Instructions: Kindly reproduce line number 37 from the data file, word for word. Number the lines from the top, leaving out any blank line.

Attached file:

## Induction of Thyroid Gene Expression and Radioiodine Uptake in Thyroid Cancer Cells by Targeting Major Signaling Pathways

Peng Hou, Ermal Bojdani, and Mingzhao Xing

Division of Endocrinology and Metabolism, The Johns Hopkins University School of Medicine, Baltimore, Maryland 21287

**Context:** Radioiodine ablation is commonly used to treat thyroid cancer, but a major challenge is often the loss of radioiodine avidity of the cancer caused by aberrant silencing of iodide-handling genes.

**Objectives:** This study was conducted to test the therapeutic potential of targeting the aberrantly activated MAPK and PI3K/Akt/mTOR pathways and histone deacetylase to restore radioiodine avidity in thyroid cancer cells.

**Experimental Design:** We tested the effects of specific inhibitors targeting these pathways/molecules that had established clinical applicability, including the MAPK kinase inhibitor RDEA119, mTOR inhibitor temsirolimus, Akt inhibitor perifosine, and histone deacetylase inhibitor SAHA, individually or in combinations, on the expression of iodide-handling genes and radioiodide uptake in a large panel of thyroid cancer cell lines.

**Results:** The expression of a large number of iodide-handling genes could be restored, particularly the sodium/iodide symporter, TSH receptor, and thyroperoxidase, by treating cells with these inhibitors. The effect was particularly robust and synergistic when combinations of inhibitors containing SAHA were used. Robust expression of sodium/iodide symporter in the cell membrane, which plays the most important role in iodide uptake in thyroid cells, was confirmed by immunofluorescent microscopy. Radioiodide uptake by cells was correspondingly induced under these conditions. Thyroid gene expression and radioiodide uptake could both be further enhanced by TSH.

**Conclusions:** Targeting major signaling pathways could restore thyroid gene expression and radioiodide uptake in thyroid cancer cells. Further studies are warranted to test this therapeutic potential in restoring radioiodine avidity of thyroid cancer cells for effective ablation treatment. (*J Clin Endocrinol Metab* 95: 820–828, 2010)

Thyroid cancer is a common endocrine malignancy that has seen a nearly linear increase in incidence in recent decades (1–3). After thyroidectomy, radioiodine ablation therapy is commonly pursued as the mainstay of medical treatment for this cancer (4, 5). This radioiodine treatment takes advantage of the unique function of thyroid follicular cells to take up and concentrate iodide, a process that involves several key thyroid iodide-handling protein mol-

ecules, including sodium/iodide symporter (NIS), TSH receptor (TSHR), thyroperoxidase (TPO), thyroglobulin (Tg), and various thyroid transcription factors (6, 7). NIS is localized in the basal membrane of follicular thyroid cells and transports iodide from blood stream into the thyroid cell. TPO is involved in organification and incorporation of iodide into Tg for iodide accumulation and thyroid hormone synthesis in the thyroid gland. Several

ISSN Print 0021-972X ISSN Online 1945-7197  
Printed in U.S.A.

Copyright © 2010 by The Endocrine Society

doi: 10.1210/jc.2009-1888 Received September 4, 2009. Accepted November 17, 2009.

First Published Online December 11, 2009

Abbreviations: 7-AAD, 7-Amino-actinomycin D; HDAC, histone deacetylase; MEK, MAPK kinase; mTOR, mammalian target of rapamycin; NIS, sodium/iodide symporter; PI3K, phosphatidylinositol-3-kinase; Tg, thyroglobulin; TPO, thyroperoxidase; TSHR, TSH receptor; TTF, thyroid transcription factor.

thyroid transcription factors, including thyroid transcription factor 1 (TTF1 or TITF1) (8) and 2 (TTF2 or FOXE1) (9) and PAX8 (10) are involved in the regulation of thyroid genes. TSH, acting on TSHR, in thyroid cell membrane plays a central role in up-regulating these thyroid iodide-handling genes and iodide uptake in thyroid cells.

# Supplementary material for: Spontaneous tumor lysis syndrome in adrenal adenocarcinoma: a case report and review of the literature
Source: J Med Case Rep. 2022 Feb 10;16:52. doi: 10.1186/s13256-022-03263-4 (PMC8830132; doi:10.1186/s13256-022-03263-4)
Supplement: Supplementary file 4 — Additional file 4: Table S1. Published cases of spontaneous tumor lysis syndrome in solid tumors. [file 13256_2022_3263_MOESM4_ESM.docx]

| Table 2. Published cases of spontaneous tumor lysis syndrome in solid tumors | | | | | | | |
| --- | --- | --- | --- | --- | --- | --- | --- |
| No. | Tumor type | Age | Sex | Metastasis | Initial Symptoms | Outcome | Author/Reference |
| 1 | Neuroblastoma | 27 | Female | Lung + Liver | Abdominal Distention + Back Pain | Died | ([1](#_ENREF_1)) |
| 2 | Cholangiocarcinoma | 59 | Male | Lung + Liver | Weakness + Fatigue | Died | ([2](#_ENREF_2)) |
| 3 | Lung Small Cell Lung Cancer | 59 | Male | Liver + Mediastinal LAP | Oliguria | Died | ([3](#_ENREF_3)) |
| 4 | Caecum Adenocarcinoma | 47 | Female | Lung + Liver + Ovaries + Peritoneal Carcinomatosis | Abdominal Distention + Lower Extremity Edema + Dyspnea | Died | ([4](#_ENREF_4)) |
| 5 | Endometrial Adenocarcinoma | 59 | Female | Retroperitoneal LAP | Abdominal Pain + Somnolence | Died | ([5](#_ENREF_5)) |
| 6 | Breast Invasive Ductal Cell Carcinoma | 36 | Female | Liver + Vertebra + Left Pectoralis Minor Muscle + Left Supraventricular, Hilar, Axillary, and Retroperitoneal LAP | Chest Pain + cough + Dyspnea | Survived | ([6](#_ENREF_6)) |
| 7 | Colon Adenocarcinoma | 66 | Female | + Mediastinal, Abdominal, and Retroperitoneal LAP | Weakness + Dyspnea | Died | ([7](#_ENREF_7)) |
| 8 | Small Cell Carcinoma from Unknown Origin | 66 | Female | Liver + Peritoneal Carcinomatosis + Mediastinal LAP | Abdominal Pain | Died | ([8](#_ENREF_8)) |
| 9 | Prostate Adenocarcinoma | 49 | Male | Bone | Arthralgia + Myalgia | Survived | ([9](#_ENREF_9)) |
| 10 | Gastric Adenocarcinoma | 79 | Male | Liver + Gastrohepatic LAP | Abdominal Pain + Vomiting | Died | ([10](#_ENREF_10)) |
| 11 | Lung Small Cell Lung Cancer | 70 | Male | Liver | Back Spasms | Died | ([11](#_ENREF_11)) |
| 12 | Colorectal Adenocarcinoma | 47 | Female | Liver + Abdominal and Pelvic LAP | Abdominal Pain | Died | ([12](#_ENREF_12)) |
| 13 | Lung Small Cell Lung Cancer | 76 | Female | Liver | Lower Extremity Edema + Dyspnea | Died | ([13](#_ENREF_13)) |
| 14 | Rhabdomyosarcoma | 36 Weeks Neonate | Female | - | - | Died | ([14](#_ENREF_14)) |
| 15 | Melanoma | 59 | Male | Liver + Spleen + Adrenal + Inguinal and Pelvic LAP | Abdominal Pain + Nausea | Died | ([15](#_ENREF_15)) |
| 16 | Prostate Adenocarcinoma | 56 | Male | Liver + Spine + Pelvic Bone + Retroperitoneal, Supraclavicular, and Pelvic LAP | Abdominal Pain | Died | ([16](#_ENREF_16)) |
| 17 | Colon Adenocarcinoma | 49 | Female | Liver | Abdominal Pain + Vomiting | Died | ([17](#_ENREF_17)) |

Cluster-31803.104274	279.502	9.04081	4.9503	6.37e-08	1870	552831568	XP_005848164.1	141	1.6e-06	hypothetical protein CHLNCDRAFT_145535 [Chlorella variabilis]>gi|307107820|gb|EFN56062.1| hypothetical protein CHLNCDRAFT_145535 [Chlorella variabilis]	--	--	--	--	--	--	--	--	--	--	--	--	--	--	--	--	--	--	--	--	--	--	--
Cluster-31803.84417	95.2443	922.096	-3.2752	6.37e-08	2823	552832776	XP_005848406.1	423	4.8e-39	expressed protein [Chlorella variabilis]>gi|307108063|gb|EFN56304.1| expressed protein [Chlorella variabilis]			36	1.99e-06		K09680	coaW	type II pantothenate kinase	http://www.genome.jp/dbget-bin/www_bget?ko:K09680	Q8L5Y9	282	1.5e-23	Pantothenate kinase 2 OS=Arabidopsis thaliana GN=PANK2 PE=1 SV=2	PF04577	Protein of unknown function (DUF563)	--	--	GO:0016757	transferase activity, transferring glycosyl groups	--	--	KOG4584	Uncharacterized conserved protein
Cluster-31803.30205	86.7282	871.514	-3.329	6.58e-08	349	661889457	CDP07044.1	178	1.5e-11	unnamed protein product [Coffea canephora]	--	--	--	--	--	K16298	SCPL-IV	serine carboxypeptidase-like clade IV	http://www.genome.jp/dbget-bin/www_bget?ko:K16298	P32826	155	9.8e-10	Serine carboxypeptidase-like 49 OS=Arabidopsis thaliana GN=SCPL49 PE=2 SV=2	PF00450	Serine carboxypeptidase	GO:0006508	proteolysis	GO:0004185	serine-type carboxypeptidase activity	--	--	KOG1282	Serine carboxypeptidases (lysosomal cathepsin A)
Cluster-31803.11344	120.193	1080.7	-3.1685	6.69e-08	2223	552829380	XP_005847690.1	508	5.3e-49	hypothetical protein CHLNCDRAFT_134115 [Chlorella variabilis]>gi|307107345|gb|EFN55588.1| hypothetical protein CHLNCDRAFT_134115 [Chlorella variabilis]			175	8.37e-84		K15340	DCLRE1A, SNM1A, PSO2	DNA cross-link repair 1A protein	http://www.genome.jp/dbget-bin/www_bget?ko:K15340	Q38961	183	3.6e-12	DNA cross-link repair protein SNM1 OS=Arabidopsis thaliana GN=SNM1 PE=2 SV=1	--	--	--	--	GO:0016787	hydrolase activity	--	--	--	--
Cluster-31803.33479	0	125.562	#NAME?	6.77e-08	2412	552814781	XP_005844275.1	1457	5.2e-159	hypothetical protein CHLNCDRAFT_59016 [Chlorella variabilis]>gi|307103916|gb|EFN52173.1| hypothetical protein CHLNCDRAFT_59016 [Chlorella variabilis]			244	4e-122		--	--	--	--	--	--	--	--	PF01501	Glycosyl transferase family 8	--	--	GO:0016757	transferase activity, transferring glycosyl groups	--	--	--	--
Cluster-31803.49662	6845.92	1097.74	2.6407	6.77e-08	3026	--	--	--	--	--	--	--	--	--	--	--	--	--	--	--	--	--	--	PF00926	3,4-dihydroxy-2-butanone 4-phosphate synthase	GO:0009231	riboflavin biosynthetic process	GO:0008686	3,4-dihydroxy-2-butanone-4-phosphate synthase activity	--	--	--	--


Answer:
| 14 | Rhabdomyosarcoma | 36 Weeks Neonate | Female | - | - | Died | ([14](#_ENREF_14)) |